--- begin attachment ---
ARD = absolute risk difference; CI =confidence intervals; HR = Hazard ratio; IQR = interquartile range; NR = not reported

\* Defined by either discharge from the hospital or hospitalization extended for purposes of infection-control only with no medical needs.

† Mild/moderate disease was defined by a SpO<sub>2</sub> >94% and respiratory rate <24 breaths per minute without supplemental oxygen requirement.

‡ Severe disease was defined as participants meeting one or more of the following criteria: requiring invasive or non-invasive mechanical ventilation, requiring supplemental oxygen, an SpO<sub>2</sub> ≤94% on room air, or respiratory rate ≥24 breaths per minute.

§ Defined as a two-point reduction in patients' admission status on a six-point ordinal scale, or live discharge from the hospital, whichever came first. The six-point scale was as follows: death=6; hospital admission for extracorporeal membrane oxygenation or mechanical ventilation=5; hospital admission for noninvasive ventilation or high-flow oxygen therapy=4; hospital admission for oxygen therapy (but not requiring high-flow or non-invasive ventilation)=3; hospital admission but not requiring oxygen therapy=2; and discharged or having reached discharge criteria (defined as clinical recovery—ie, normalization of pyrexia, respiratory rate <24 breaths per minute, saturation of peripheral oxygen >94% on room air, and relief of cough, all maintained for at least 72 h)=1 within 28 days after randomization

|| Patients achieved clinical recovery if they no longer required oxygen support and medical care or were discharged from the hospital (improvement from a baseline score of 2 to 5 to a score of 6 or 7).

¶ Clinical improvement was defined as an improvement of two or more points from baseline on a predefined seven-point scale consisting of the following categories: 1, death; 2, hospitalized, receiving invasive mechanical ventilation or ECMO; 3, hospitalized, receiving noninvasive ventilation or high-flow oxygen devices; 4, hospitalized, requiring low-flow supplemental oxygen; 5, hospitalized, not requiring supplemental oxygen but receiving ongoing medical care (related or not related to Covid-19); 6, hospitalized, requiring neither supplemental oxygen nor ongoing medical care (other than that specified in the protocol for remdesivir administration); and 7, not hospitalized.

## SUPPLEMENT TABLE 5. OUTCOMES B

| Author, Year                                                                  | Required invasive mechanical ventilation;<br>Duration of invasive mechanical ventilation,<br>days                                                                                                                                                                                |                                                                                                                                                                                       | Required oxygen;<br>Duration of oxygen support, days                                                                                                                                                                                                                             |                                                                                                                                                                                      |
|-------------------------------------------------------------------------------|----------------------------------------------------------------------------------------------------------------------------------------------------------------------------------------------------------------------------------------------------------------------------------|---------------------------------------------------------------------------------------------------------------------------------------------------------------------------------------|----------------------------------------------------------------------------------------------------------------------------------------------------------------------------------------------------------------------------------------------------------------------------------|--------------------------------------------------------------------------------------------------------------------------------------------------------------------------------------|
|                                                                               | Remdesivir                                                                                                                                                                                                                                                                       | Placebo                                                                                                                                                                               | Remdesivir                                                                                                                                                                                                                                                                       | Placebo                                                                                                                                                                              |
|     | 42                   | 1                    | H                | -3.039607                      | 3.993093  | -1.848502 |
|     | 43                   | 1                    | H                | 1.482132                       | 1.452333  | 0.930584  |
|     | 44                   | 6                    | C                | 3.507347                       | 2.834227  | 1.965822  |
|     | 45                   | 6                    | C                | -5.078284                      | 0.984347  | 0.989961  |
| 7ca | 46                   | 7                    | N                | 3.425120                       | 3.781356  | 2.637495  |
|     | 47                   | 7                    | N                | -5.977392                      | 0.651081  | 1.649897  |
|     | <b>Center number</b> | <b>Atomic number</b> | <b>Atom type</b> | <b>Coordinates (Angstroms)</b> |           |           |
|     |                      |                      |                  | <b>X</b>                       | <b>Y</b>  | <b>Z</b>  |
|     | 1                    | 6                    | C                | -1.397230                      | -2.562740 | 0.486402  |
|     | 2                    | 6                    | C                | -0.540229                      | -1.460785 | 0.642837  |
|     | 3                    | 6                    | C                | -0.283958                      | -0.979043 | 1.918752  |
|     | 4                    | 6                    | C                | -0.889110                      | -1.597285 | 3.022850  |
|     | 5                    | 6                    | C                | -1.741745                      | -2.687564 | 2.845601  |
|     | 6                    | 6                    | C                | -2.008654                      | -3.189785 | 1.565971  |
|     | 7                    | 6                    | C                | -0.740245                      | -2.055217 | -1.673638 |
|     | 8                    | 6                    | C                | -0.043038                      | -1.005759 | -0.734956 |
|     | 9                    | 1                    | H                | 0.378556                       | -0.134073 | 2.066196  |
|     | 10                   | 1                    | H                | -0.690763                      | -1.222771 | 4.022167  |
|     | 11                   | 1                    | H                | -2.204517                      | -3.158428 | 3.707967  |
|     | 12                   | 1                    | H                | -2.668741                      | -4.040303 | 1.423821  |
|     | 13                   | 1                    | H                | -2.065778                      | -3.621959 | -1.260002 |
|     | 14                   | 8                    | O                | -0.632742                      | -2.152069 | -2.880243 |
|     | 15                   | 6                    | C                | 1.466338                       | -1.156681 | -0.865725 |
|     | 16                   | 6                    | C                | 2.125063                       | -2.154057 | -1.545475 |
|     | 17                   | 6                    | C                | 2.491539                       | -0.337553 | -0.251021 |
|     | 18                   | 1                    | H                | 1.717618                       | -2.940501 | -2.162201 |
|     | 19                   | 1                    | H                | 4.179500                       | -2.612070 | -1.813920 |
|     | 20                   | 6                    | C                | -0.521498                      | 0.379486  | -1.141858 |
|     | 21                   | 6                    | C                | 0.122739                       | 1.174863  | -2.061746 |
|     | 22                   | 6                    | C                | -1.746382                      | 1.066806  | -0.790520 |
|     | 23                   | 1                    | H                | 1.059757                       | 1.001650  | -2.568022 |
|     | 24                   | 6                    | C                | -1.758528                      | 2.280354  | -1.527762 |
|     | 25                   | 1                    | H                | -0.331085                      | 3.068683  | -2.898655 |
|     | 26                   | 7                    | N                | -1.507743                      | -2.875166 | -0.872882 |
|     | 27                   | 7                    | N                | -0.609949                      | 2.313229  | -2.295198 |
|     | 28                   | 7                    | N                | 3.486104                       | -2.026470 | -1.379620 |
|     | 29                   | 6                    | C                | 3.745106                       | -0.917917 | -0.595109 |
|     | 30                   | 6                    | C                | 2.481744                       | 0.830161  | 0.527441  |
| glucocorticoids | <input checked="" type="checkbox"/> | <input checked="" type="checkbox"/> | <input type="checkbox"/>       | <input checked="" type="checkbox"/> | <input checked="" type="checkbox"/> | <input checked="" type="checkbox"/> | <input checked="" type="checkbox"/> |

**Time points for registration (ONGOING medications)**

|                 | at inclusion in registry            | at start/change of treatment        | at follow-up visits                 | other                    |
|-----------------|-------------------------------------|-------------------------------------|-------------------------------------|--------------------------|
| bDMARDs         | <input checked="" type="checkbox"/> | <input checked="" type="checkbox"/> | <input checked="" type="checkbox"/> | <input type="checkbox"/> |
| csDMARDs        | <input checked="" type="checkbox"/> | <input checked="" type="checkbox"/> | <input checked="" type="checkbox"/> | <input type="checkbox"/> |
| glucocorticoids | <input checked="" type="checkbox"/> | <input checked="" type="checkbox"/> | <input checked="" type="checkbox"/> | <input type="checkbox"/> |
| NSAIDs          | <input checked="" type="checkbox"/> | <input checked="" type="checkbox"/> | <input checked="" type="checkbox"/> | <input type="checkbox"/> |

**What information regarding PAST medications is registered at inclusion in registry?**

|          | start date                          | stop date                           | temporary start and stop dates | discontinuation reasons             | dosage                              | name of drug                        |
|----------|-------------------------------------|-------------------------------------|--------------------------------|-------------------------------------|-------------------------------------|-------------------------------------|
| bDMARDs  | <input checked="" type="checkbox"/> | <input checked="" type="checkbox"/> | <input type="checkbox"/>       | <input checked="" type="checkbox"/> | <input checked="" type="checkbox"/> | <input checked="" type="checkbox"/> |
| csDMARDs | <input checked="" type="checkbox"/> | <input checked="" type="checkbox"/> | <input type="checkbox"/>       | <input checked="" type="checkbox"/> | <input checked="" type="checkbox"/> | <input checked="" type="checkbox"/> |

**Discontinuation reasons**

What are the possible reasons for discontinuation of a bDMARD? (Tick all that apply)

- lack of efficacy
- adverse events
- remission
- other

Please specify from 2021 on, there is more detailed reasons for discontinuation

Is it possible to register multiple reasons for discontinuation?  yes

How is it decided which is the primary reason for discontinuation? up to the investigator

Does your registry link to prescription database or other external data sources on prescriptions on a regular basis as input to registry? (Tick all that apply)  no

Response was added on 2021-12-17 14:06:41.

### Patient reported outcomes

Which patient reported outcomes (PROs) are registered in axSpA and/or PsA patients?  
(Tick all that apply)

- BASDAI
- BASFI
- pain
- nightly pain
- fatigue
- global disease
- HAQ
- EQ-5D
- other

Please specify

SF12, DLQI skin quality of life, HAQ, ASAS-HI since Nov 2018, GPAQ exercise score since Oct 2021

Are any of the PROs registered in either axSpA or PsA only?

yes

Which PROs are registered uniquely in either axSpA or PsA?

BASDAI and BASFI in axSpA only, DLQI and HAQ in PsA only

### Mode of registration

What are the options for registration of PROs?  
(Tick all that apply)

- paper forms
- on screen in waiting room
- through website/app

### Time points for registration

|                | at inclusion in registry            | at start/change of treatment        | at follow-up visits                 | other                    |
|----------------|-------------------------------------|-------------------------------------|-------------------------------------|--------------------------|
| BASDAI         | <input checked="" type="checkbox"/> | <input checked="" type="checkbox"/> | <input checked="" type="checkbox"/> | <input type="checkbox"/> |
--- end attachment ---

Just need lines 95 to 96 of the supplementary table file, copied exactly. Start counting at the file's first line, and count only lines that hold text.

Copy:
- paper forms
- on screen in waiting room